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Teacher Resources by Grade
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|5th - 6th||7th - 8th|
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Beyond “What I Did on Vacation”: Exploring the Genre of Travel Writing
|Grades||9 – 12|
|Lesson Plan Type||Standard Lesson|
|Estimated Time||Four 50-minute sessions|
In this lesson, students are introduced to the genre of travel writing. After reading and analyzing short examples and discussing conventions of the genre, students engage in some guided travel writing activities. They brainstorm events and/or personal experiences that might make a fun piece of travel writing and select one event for freewriting. They then turn their notes into a travel article, using a list of characteristics of good travel writing to assess their writing as they work. They peer review and revise drafts of their writing before publishing it using an online multigenre tool.
This scalable lesson can be completed in a few days as a short mini-unit, before a school break as a chance for students to do some real world writing, or over a longer period of time as an extended unit with integrated research.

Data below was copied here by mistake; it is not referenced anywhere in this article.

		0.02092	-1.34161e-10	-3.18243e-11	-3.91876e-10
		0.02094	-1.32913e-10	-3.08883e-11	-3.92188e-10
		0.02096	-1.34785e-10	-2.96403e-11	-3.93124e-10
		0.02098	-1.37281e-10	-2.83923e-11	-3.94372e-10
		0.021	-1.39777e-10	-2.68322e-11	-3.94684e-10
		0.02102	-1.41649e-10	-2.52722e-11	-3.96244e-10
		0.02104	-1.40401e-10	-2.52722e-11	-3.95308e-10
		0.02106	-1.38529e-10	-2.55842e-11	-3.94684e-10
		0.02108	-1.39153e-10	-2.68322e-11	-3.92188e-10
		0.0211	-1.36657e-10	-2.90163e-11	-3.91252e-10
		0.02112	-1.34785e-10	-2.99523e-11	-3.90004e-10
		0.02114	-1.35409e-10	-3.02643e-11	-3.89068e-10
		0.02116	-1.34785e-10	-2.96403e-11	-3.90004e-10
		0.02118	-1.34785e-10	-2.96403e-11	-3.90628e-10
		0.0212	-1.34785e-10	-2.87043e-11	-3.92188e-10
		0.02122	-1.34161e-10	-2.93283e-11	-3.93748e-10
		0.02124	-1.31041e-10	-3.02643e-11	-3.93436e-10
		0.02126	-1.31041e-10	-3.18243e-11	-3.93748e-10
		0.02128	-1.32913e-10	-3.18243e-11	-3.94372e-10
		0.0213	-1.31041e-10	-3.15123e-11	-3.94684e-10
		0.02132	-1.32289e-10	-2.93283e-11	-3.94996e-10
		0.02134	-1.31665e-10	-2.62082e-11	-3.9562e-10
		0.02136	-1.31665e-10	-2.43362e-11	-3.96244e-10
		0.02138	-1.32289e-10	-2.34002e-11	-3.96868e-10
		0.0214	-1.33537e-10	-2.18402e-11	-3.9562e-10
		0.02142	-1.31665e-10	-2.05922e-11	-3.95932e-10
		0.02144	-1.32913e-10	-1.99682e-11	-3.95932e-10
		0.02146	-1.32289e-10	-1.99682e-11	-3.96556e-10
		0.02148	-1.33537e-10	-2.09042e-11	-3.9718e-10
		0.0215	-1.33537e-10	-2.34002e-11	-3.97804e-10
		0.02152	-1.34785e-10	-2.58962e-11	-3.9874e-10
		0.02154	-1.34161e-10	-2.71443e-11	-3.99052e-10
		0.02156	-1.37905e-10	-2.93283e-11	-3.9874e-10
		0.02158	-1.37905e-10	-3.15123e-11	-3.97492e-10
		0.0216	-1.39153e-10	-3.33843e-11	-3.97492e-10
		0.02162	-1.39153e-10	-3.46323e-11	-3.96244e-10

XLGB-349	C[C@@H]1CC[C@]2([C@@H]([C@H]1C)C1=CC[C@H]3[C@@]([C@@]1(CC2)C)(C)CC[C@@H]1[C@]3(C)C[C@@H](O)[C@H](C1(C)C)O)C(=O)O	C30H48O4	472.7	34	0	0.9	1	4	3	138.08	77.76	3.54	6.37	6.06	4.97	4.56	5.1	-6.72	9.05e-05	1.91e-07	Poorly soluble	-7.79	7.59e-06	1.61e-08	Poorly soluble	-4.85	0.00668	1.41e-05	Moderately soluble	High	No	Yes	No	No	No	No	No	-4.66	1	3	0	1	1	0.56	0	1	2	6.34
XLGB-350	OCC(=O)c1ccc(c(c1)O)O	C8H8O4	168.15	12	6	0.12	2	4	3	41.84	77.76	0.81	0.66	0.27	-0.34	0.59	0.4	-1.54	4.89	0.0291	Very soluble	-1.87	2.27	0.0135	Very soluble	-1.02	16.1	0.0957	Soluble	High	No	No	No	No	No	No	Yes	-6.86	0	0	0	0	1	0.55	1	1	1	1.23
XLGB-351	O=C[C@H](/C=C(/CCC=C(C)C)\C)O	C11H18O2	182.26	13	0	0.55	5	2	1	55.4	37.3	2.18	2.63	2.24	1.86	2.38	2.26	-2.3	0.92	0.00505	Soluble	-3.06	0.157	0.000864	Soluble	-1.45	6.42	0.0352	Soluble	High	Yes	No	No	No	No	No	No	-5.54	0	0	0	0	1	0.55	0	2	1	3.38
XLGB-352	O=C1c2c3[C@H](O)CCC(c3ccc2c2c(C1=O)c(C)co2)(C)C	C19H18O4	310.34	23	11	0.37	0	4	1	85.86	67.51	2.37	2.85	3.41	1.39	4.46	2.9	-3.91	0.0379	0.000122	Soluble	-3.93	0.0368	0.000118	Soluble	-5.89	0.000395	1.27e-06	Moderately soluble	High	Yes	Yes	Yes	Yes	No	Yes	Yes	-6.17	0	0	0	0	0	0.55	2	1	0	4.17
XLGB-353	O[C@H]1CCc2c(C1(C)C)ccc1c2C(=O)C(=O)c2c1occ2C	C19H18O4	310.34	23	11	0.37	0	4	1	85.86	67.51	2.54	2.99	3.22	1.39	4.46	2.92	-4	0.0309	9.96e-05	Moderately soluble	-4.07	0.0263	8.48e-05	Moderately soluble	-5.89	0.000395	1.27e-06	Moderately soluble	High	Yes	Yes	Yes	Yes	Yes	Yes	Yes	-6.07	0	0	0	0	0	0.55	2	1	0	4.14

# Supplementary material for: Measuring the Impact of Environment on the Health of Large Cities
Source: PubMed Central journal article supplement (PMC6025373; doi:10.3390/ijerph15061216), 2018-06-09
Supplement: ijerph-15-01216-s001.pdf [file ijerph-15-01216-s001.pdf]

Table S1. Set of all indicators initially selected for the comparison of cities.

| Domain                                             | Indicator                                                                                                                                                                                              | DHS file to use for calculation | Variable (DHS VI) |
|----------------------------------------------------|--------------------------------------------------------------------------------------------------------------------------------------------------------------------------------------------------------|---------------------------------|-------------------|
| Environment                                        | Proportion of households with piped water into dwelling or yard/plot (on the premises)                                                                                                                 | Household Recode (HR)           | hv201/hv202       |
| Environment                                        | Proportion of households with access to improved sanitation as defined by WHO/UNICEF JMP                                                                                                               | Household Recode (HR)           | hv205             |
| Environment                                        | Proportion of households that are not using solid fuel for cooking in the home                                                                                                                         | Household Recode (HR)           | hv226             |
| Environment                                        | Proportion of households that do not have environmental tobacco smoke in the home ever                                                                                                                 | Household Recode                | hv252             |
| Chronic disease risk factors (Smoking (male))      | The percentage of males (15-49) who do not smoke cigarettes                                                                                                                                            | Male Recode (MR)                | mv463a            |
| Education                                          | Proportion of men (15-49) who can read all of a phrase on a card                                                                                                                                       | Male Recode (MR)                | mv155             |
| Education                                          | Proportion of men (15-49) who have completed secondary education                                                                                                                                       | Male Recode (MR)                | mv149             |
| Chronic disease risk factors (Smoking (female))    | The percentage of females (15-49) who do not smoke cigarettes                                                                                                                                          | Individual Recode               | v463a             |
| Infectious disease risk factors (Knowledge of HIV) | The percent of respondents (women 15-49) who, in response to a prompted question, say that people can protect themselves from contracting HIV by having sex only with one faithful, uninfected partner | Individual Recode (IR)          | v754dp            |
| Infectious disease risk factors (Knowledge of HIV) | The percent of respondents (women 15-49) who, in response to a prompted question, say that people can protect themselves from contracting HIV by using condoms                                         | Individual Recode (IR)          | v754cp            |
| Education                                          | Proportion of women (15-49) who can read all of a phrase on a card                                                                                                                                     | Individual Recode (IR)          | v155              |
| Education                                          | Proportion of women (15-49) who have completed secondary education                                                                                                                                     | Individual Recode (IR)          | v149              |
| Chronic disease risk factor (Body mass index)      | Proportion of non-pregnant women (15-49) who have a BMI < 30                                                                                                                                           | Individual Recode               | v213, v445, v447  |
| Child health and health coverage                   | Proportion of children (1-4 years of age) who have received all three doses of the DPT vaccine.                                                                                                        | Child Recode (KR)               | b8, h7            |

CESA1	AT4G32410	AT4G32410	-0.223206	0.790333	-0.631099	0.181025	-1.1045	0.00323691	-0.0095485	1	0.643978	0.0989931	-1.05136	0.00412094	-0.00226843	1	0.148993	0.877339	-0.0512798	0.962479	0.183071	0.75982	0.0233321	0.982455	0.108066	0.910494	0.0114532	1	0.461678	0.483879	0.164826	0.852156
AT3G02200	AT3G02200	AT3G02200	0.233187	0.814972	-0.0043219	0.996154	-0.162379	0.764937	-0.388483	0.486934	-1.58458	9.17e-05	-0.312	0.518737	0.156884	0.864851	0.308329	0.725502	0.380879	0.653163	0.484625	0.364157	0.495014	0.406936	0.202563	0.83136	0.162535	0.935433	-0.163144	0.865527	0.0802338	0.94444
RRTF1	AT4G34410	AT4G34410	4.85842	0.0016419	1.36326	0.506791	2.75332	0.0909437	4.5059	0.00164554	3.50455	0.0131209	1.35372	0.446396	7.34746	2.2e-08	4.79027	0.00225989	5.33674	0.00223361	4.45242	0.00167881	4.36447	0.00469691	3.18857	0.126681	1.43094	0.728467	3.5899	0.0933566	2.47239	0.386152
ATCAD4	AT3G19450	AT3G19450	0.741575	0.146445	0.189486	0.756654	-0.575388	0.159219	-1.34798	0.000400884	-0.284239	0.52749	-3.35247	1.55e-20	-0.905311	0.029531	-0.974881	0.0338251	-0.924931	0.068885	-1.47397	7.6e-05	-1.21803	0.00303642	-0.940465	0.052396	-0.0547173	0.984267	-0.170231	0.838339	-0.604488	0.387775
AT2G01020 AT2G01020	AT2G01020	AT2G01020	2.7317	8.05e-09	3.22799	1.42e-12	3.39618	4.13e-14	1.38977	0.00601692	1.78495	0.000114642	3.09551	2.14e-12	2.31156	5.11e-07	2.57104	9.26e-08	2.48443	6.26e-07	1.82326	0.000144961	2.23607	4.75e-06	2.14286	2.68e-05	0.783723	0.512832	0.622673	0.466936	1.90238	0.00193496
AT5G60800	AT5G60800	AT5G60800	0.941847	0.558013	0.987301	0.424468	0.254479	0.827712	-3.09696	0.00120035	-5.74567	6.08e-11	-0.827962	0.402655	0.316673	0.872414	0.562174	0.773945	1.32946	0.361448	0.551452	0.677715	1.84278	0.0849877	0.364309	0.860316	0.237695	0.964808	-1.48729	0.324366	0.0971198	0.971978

- Elements of Good Travel Writing: This handout lists characteristics of good travel articles.
- Multigenre Mapper: Students can use this online tool to create multigenre, multimodal texts, including three types of writing and a drawing, in response to the Gettysburg Address.
- Suggested Reading in the Travel Writing Genre: This reading list includes books and magazines in the travel writing genre.
In her book Thinking Through Genre, Heather Lattimer discusses genre study as "an inquiry into text form" (4). One of the ways to help students see the structural and rhetorical features of a piece of writing is to immerse them in the study of various genres. By studying a wide array of genres, students are better able to see the many decisions a writer makes as a matter of purpose, audience, and form or genre, rather than as arbitrary teacher-established rules. Lattimer suggests, "A genre study is not about reading a particular text; individual texts are read and discussed for the purpose of developing strategies of comprehension appropriate for the genre" (4). Dean states, "Even if we can't develop the full contextual aspect of some genres because of the restrictions of the classroom situation, it is helpful for students to know that not all writing is the same. They can learn the concept of genres." (45) By reading and writing in new genres, students gain strategies for reading new kinds of texts as well as insights into different ways of producing texts.
Lattimer, Heather. 2003. Thinking Through Genre. Portland, ME: Stenhouse Publishers.
Dean, Deborah. Genre Theory: Teaching, Writing, and Being. Urbana, IL: NCTE, 2008.